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If you are unfamiliar with “rhetorical topoi” you may want to go back and read the several discussions which explain and address this classical rhetorical concept.

Here is another “topos” (“place”) which can be used to . . . .

  • expand on a concept
  • clarify a truth or principle
  • fuel an exhortation
  • bolster a point which is being made
  • develop an application
  • etc.

We can give it a label so that it can be quickly brought to mind when a speaker is preparing and developing his speech or message.

Not Over & Above, Just Right

Aristotle wrote three books on public speaking, and other men such as Cicero, Quintilian, and Plato also contributed to the classical foundations of rhetorical theory.  It is from this classical foundation that much of today’s theoretical structure and thought is derived.  “Topoi” is one such classical concept which is little realized and understood by those teaching homiletical theory.

One of the classical “topoi” is “obligation” /  “duty” / or “ought.”  The crux of this topoi is that there is an “ought” that should both direct and constrain the actions of men.  It is a “place” where a speaker’s mind can and should go when developing content and arguments.

“Living during the rise, dictatorship, and death of Julius Caesar, Cicero* was a renowned politician, lawyer, and rhetorical theorist.  . . . . This category also includes issues of obligation where the central debate revolves around the question of whether or not someone or something is required to do something.” (an examination of Cicero’s De Inventione)

 

This topos can be used in developing a speech or a message by letting this topos of “not over and above, just right” act as a brainstorming tool, letting it generate ideas in your thinking processes.

The mental templates go something like this . . . .

It is not about going over and above; it is just about doing what is right.

Do what you ought to do!

It’s not “over and above”  – we are talking about, but right!

No heroics needed — Just what we ought to do!

 

Here is how it can work during the preparation process.  As you are thinking about what the passage is addressing, take this “topos” and throw it into the mental wheels of your thinking and let it clunk around and mesh.

Let’s give it a try . . . . Off the cuff . . . .

Take any number of New Testament passages which address “boldness.”

i.e. — Now when they saw the boldness of Peter and John, and perceived that they were unlearned and ignorant men, they marvelled; and they took knowledge of them, that they had been with Jesus. – Acts 4:13

Boldness is what we ought to exhibit.  Being bold is not going above and beyond what the Lord expects of us.  You will have to go to Stephen to find an example of going above and beyond.  You will have to face some of the various events which marked Paul in II Corinthians 11 to be in the company of those who go above and beyond.  Being bold is just what we ought to exhibit when it comes to our witness for Christ . . . .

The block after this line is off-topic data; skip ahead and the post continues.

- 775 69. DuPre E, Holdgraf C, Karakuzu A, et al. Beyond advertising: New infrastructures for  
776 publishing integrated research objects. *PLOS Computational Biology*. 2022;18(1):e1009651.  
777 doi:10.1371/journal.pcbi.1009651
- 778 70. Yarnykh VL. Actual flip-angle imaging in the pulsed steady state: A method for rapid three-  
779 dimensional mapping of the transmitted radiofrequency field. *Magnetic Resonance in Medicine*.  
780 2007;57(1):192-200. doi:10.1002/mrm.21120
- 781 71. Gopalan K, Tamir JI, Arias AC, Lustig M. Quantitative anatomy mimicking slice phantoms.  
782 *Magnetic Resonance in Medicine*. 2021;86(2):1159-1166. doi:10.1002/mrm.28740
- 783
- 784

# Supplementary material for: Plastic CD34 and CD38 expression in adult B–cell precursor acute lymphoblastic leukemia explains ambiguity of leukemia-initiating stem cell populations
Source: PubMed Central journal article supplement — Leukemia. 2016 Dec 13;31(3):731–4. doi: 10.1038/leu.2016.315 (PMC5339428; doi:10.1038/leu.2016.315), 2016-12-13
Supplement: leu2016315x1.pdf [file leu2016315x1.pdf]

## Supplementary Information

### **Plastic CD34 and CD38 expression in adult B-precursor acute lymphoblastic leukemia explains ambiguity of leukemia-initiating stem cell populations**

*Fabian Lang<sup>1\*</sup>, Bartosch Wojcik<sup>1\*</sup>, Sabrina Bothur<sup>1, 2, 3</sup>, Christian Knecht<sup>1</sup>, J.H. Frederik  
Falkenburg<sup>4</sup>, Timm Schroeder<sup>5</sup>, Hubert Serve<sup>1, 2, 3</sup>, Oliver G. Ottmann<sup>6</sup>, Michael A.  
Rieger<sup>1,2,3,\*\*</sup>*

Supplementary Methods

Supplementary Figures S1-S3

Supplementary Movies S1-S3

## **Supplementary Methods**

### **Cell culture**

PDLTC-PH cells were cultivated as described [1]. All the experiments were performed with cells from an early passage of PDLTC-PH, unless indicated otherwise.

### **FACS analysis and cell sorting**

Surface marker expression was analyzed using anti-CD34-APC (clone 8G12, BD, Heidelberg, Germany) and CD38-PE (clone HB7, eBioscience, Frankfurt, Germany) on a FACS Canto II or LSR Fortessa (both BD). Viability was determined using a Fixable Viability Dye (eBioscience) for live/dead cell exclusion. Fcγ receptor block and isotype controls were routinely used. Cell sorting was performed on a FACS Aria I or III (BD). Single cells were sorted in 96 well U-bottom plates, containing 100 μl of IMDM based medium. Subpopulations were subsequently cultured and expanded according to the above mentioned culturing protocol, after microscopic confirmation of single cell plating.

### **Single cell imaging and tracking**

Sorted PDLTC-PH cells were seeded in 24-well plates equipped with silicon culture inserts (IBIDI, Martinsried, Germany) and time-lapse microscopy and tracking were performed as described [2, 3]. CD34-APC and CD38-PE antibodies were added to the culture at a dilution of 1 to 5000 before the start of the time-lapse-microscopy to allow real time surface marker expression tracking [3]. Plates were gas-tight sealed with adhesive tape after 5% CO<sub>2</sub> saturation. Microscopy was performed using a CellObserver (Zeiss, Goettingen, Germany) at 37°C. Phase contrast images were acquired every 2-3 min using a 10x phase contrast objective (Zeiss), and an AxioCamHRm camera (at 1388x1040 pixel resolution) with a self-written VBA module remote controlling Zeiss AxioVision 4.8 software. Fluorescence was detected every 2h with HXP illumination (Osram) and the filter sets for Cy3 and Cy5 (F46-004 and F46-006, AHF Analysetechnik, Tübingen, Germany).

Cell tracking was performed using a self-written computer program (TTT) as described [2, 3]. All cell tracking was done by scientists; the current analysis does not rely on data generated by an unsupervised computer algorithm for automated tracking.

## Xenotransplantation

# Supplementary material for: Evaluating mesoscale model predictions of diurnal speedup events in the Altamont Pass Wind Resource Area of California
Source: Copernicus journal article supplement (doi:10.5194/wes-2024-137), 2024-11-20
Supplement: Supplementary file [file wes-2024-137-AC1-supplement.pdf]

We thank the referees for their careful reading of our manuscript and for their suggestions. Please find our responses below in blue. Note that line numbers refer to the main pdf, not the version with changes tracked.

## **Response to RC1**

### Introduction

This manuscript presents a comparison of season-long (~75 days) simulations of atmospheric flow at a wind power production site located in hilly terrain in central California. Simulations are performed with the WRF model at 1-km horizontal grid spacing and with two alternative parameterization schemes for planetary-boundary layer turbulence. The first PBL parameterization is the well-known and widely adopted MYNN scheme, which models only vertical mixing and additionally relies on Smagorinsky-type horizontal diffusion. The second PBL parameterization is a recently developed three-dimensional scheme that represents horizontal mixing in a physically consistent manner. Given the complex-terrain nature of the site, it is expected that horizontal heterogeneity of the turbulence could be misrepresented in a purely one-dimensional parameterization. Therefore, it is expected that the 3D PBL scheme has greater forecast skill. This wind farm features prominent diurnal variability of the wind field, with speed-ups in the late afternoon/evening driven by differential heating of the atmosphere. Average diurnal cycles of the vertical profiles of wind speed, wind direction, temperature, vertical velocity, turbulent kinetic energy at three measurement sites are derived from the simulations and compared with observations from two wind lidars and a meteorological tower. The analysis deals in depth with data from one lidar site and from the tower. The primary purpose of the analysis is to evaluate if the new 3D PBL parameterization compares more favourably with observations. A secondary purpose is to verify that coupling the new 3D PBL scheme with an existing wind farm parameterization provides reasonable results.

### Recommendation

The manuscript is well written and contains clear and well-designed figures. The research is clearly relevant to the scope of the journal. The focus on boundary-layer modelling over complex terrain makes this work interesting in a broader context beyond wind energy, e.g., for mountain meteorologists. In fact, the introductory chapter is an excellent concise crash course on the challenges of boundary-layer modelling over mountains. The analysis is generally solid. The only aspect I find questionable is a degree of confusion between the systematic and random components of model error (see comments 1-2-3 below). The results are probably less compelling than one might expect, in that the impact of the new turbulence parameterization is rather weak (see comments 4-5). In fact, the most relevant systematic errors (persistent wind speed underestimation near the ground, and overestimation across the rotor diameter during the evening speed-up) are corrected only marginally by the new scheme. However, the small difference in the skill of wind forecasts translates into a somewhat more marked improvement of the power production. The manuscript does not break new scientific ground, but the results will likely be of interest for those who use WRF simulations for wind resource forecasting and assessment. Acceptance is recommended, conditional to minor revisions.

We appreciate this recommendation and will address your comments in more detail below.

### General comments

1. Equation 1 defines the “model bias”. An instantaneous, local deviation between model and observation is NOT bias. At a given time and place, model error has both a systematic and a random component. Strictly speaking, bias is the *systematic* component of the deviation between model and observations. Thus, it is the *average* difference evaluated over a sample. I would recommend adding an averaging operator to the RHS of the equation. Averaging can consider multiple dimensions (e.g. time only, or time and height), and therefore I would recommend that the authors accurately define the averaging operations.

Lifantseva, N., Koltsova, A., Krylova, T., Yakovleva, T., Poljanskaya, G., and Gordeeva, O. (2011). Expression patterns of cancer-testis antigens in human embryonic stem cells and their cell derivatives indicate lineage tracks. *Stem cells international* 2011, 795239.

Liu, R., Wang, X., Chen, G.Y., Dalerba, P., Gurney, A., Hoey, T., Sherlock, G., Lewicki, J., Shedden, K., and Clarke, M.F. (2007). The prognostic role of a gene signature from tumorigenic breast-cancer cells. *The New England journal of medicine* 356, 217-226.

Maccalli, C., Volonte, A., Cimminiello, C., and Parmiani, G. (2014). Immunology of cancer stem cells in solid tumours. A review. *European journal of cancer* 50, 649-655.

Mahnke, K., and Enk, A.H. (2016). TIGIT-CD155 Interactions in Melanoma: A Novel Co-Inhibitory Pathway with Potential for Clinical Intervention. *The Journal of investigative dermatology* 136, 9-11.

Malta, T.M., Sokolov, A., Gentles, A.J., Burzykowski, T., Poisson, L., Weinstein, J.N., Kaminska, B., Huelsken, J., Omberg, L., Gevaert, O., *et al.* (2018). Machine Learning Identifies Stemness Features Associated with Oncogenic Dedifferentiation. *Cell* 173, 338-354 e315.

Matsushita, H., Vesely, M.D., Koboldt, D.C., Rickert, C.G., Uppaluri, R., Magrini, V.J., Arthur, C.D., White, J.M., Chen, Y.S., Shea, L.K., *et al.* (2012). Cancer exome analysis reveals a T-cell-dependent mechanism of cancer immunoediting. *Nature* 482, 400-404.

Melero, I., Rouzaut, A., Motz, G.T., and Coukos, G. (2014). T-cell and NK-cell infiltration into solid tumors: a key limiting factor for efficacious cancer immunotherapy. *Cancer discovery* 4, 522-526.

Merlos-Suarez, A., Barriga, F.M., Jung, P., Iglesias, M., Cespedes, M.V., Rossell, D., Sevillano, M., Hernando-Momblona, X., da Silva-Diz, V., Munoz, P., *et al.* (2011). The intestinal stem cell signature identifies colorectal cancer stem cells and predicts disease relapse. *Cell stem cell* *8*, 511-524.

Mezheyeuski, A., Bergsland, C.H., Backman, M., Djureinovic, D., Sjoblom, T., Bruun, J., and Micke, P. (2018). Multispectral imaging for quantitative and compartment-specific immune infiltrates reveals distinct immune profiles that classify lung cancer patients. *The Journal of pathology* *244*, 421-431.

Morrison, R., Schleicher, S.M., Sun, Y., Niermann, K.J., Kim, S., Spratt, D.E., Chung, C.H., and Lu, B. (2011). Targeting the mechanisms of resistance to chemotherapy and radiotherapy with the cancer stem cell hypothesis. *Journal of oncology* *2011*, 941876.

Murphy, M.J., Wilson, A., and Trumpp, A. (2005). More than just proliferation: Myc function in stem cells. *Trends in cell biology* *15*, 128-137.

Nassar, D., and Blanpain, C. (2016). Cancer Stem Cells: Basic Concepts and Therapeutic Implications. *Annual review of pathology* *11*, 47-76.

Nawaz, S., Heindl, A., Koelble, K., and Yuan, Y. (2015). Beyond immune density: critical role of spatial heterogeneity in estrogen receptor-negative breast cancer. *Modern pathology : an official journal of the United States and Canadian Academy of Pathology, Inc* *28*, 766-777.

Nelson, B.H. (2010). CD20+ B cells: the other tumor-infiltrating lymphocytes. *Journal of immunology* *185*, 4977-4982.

Let’s go to the Old Testament and use a lesser known account — Abagail & David – I Samuel 23.

Abigail rushes to save the life of her husband, a husband who Scripture says was a fool.  She did what she should have done, whether he was a fool or not!  Marriage carries the responsibility of doing what is right.  She did not go “over and above,” she just did what was right.  She knew what was right and did what was right!

Likewise, we as God’s people are not going “over and above” when we defend our spouse — or when we deliver a fool  — or when we defend those who seem like they deserve their due rewards.  We are doing what is just right when we, by our words and actions, help, or deliver, or stand alongside those who are facing the unordinate wrathful actions of others.

If you think what you are doing is “over and above” you will think yourself to be gracious, rather than just doing what is right!  That was right for you to do this-or-that, it was not noble or heroic.

You have heard those exact words from some who have volitionally stepped into a situation, to the aid of another, and said – “I was no hero – I just did what was right, what many others would have done.

 

Add to your “mental generating list of topoi” – Not over and above, just right.  At times this will help you . . . .

  • develop a point
  • illustrate a point
  • drive home a truth
  • create an introduction
  • construct the Big Idea
  • develop a conclusion
  • expand on a concept
  • clarify a truth or principle
  • develop some applications
  • etc.

 



*”Every subject which contains in itself a controversy to be resolved by speech and debate involves a question about a fact, or about a definition, or about the nature of an act [value], or about. . . the processes of deciding it.” –Marcus Tullius Cicero, On Invention

2 Replies to “Another Useful Topoi . . . .”

  1. Hey, I just found your blog this morning. I appreciate the content you putting up. It might only appeal to a certain group, but what I’ve seen so far is valuable and contains some useful reminders, if not new stuff we’ve never even thought of. God bless.

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